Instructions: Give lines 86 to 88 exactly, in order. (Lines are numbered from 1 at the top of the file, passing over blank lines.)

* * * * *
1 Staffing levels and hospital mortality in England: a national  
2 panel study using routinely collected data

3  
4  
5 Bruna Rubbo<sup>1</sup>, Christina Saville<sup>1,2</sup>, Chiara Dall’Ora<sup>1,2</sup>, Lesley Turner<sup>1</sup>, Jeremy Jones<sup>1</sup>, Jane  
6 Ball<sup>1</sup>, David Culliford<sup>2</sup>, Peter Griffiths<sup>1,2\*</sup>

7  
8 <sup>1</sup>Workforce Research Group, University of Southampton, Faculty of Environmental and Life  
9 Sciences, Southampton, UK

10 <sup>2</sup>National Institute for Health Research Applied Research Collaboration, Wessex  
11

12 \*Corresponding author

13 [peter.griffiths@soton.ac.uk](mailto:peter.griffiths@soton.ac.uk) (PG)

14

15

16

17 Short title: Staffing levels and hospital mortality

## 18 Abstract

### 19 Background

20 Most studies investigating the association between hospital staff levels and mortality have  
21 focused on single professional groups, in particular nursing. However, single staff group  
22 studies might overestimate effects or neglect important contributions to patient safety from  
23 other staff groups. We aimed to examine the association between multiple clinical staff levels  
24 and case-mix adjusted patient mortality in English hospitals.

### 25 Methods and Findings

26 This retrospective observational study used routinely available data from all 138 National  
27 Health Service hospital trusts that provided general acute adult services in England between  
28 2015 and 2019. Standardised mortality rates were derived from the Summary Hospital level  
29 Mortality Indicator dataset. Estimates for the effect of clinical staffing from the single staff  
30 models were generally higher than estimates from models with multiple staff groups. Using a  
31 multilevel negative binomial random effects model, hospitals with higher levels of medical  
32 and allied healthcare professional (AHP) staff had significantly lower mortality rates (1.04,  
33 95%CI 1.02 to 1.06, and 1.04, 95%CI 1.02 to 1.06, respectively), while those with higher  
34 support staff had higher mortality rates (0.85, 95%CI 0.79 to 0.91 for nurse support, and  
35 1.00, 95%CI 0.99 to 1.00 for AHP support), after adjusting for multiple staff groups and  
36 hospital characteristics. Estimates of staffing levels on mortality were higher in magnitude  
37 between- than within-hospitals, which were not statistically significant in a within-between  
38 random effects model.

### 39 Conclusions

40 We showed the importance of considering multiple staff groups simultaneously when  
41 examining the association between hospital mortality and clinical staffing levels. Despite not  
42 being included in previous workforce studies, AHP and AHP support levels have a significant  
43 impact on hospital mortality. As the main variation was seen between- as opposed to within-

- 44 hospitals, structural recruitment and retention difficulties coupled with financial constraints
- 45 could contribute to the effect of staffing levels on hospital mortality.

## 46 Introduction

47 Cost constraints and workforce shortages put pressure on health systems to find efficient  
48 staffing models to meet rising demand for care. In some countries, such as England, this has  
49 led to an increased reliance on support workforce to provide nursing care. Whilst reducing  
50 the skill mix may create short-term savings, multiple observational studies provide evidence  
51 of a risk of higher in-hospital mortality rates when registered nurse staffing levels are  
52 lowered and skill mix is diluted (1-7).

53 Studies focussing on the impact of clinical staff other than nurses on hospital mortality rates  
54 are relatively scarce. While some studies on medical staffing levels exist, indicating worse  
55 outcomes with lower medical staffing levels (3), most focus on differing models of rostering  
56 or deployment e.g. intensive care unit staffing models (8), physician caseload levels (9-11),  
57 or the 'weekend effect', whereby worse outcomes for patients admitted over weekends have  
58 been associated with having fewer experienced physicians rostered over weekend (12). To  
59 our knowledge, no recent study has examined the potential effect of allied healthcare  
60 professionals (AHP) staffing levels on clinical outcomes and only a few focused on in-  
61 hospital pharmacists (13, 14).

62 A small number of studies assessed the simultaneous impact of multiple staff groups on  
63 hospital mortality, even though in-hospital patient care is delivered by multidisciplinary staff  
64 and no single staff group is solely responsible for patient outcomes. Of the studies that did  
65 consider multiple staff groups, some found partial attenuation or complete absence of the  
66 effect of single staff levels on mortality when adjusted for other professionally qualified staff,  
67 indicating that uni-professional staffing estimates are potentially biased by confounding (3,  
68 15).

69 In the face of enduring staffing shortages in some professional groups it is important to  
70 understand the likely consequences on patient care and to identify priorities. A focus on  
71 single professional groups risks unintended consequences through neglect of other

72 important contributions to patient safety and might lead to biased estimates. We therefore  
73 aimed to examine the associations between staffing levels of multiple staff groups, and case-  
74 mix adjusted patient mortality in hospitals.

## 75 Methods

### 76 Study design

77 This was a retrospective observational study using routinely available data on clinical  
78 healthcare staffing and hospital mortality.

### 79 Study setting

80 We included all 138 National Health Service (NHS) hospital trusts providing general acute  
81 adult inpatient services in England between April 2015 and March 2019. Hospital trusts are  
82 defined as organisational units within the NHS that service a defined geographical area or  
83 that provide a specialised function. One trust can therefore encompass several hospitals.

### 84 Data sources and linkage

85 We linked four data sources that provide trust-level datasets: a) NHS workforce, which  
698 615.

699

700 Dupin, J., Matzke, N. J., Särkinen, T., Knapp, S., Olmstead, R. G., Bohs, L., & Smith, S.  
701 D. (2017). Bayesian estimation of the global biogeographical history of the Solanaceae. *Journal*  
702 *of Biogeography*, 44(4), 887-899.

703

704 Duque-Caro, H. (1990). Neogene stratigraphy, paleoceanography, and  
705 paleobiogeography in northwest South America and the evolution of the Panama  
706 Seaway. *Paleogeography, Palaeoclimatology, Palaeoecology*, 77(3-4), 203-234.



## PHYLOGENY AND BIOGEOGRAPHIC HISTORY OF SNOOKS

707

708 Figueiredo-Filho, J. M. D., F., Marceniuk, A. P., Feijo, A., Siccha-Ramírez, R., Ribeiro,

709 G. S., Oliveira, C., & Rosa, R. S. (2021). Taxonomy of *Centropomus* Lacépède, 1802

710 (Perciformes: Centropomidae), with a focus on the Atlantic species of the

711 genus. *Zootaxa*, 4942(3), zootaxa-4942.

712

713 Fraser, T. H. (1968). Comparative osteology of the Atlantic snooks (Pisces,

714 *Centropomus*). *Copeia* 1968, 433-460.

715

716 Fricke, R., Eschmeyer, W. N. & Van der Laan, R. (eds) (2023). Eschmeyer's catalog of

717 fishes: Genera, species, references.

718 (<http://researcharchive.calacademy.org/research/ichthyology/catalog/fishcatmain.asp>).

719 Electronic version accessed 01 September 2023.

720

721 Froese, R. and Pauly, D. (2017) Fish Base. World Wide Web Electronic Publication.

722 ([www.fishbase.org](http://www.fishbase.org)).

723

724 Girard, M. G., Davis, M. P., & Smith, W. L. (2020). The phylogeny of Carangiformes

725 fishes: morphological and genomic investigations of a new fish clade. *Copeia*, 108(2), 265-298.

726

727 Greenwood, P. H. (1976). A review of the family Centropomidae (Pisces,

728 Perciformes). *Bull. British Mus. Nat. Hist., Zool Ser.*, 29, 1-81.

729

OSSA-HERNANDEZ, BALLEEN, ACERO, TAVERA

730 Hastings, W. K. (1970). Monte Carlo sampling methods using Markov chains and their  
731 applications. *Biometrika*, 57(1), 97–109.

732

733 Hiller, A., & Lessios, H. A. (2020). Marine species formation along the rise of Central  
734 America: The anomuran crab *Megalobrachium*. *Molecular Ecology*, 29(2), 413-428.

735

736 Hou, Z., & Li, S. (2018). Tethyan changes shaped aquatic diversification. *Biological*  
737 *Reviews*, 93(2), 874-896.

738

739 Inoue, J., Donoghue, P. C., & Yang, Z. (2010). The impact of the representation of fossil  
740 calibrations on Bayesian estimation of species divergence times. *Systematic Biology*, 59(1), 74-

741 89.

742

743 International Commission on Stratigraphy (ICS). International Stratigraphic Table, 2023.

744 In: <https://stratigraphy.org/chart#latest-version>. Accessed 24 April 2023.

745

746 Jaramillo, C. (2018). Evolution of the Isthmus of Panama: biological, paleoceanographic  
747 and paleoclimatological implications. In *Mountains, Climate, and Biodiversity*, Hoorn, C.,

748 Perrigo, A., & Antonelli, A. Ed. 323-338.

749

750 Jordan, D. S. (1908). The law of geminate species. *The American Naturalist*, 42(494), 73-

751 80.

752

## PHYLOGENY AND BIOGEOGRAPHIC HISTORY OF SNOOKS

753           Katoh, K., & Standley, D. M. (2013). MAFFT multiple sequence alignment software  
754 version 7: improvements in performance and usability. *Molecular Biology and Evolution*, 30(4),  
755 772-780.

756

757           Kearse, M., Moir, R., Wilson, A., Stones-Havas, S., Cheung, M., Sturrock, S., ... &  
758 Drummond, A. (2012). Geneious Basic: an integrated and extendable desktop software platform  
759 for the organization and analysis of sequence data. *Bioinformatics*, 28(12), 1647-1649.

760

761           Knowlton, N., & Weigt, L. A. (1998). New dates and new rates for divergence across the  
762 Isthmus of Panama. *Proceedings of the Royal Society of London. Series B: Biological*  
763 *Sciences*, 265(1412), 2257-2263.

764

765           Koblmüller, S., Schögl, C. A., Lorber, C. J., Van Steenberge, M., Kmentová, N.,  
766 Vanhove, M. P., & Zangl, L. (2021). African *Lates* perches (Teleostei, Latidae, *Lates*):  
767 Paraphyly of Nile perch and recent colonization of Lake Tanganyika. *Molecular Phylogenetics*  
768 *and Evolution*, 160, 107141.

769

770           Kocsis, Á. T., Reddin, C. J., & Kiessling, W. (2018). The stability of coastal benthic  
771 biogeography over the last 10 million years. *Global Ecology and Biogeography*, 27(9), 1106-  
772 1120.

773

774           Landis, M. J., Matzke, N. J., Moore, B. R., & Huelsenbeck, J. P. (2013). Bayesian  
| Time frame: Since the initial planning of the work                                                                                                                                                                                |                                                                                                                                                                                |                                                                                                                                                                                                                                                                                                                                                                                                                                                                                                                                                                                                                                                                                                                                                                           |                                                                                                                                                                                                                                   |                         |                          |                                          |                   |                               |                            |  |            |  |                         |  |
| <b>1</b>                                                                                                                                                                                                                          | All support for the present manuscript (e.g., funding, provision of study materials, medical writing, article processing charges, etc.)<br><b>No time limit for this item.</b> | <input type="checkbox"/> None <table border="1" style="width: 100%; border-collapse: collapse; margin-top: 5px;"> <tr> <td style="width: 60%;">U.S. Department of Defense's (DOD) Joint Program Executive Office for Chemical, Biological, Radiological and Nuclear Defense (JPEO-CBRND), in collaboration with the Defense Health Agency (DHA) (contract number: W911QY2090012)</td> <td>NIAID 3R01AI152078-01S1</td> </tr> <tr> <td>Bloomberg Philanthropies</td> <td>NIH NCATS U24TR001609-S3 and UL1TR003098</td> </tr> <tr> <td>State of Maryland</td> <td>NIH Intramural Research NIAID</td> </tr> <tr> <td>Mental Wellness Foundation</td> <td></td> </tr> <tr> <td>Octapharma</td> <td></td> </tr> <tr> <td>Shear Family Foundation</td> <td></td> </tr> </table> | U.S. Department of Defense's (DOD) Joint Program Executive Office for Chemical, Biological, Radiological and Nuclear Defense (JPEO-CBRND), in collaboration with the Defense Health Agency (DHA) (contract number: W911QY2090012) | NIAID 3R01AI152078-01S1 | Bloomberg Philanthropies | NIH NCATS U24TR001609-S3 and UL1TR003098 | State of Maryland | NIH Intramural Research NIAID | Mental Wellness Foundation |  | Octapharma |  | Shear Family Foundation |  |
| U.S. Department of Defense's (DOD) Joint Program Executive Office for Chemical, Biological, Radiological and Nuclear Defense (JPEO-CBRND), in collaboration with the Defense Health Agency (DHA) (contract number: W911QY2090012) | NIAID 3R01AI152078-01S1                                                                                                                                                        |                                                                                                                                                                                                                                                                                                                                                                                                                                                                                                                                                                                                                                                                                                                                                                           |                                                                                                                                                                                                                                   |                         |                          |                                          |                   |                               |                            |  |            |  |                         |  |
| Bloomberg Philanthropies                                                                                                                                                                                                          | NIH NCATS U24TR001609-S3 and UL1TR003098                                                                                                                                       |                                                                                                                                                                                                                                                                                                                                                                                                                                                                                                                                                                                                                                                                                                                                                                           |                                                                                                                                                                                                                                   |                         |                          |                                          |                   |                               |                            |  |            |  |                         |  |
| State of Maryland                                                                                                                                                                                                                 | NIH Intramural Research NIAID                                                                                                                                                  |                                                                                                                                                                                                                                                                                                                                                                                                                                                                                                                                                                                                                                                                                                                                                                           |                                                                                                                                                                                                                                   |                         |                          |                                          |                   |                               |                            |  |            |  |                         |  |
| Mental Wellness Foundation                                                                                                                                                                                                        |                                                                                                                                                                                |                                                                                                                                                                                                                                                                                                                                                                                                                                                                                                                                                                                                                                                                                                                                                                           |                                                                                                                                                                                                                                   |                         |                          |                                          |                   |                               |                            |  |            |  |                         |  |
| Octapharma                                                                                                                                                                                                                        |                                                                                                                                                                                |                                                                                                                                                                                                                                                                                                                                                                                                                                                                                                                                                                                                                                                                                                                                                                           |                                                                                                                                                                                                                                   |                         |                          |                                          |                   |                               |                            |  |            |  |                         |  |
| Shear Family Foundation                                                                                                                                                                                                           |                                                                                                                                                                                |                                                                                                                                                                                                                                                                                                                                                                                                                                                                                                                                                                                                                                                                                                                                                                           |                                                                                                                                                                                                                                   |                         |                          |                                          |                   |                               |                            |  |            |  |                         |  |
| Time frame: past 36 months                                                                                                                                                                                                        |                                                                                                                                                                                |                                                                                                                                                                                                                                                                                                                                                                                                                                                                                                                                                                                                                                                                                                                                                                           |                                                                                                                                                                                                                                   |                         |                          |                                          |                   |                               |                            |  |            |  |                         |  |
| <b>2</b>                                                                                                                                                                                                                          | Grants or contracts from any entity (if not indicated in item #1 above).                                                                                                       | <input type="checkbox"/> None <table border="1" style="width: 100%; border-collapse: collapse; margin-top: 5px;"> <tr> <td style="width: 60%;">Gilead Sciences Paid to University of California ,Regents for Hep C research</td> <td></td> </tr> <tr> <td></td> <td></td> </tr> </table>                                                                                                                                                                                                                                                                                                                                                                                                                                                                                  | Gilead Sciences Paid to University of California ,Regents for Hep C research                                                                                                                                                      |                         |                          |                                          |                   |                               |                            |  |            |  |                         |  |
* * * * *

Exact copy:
698 615.

699

700 Dupin, J., Matzke, N. J., Särkinen, T., Knapp, S., Olmstead, R. G., Bohs, L., & Smith, S.  